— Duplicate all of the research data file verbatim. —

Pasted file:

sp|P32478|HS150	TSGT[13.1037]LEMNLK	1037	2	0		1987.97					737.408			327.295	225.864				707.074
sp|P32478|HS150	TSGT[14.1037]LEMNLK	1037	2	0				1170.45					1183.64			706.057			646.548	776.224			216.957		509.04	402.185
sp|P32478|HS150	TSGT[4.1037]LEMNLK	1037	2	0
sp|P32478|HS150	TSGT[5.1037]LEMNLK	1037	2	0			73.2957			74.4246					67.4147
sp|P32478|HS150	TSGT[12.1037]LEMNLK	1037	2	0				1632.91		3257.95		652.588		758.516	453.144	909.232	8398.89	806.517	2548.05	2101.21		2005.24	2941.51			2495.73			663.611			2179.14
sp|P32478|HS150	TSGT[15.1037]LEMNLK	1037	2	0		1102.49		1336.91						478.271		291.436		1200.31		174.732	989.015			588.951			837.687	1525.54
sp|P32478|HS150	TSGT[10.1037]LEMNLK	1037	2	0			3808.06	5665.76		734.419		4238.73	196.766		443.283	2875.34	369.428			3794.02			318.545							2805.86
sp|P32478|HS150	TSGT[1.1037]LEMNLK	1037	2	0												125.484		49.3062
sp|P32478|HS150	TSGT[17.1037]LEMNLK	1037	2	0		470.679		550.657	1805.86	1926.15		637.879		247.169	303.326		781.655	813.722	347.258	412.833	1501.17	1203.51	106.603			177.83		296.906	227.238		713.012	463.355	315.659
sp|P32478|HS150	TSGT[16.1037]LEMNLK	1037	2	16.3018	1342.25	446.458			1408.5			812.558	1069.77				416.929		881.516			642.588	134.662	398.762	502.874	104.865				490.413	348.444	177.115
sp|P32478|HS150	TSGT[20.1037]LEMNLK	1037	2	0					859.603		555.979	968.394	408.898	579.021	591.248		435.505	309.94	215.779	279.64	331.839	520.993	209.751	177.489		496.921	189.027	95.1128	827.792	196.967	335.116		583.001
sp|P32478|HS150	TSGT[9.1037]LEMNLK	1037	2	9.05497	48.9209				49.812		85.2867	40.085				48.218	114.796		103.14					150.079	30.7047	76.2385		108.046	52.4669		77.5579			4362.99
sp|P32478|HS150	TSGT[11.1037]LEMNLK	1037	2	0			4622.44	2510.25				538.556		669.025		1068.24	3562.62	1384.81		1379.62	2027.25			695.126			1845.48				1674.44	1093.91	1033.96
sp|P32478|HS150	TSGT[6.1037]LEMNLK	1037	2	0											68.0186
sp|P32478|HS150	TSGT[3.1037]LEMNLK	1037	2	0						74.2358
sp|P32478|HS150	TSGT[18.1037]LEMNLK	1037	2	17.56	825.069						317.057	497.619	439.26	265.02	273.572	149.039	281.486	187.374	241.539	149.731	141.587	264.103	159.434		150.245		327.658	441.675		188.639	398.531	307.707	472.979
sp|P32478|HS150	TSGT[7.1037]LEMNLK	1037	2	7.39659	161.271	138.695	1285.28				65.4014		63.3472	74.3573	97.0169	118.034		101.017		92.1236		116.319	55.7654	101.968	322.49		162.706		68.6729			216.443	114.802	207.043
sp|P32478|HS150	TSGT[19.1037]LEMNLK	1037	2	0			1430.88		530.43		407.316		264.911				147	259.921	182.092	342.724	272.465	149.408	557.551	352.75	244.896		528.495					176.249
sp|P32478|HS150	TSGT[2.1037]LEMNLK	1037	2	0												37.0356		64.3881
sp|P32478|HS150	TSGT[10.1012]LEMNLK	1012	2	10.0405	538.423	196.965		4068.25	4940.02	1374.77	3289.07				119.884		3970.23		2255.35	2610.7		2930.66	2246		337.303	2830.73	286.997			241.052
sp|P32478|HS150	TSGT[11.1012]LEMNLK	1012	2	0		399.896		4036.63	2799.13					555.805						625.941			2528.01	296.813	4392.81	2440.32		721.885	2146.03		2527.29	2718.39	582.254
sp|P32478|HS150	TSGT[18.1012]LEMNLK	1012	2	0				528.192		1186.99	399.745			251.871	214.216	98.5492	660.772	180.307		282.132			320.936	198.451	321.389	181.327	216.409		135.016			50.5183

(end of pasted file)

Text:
sp|P32478|HS150	TSGT[13.1037]LEMNLK	1037	2	0		1987.97					737.408			327.295	225.864				707.074
sp|P32478|HS150	TSGT[14.1037]LEMNLK	1037	2	0				1170.45					1183.64			706.057			646.548	776.224			216.957		509.04	402.185
sp|P32478|HS150	TSGT[4.1037]LEMNLK	1037	2	0
sp|P32478|HS150	TSGT[5.1037]LEMNLK	1037	2	0			73.2957			74.4246					67.4147
sp|P32478|HS150	TSGT[12.1037]LEMNLK	1037	2	0				1632.91		3257.95		652.588		758.516	453.144	909.232	8398.89	806.517	2548.05	2101.21		2005.24	2941.51			2495.73			663.611			2179.14
sp|P32478|HS150	TSGT[15.1037]LEMNLK	1037	2	0		1102.49		1336.91						478.271		291.436		1200.31		174.732	989.015			588.951			837.687	1525.54
sp|P32478|HS150	TSGT[10.1037]LEMNLK	1037	2	0			3808.06	5665.76		734.419		4238.73	196.766		443.283	2875.34	369.428			3794.02			318.545							2805.86
sp|P32478|HS150	TSGT[1.1037]LEMNLK	1037	2	0												125.484		49.3062
sp|P32478|HS150	TSGT[17.1037]LEMNLK	1037	2	0		470.679		550.657	1805.86	1926.15		637.879		247.169	303.326		781.655	813.722	347.258	412.833	1501.17	1203.51	106.603			177.83		296.906	227.238		713.012	463.355	315.659
sp|P32478|HS150	TSGT[16.1037]LEMNLK	1037	2	16.3018	1342.25	446.458			1408.5			812.558	1069.77				416.929		881.516			642.588	134.662	398.762	502.874	104.865				490.413	348.444	177.115
sp|P32478|HS150	TSGT[20.1037]LEMNLK	1037	2	0					859.603		555.979	968.394	408.898	579.021	591.248		435.505	309.94	215.779	279.64	331.839	520.993	209.751	177.489		496.921	189.027	95.1128	827.792	196.967	335.116		583.001
sp|P32478|HS150	TSGT[9.1037]LEMNLK	1037	2	9.05497	48.9209				49.812		85.2867	40.085				48.218	114.796		103.14					150.079	30.7047	76.2385		108.046	52.4669		77.5579			4362.99
sp|P32478|HS150	TSGT[11.1037]LEMNLK	1037	2	0			4622.44	2510.25				538.556		669.025		1068.24	3562.62	1384.81		1379.62	2027.25			695.126			1845.48				1674.44	1093.91	1033.96
sp|P32478|HS150	TSGT[6.1037]LEMNLK	1037	2	0											68.0186
sp|P32478|HS150	TSGT[3.1037]LEMNLK	1037	2	0						74.2358
sp|P32478|HS150	TSGT[18.1037]LEMNLK	1037	2	17.56	825.069						317.057	497.619	439.26	265.02	273.572	149.039	281.486	187.374	241.539	149.731	141.587	264.103	159.434		150.245		327.658	441.675		188.639	398.531	307.707	472.979
sp|P32478|HS150	TSGT[7.1037]LEMNLK	1037	2	7.39659	161.271	138.695	1285.28				65.4014		63.3472	74.3573	97.0169	118.034		101.017		92.1236		116.319	55.7654	101.968	322.49		162.706		68.6729			216.443	114.802	207.043
sp|P32478|HS150	TSGT[19.1037]LEMNLK	1037	2	0			1430.88		530.43		407.316		264.911				147	259.921	182.092	342.724	272.465	149.408	557.551	352.75	244.896		528.495					176.249
sp|P32478|HS150	TSGT[2.1037]LEMNLK	1037	2	0												37.0356		64.3881
sp|P32478|HS150	TSGT[10.1012]LEMNLK	1012	2	10.0405	538.423	196.965		4068.25	4940.02	1374.77	3289.07				119.884		3970.23		2255.35	2610.7		2930.66	2246		337.303	2830.73	286.997			241.052
sp|P32478|HS150	TSGT[11.1012]LEMNLK	1012	2	0		399.896		4036.63	2799.13					555.805						625.941			2528.01	296.813	4392.81	2440.32		721.885	2146.03		2527.29	2718.39	582.254
sp|P32478|HS150	TSGT[18.1012]LEMNLK	1012	2	0				528.192		1186.99	399.745			251.871	214.216	98.5492	660.772	180.307		282.132			320.936	198.451	321.389	181.327	216.409		135.016			50.5183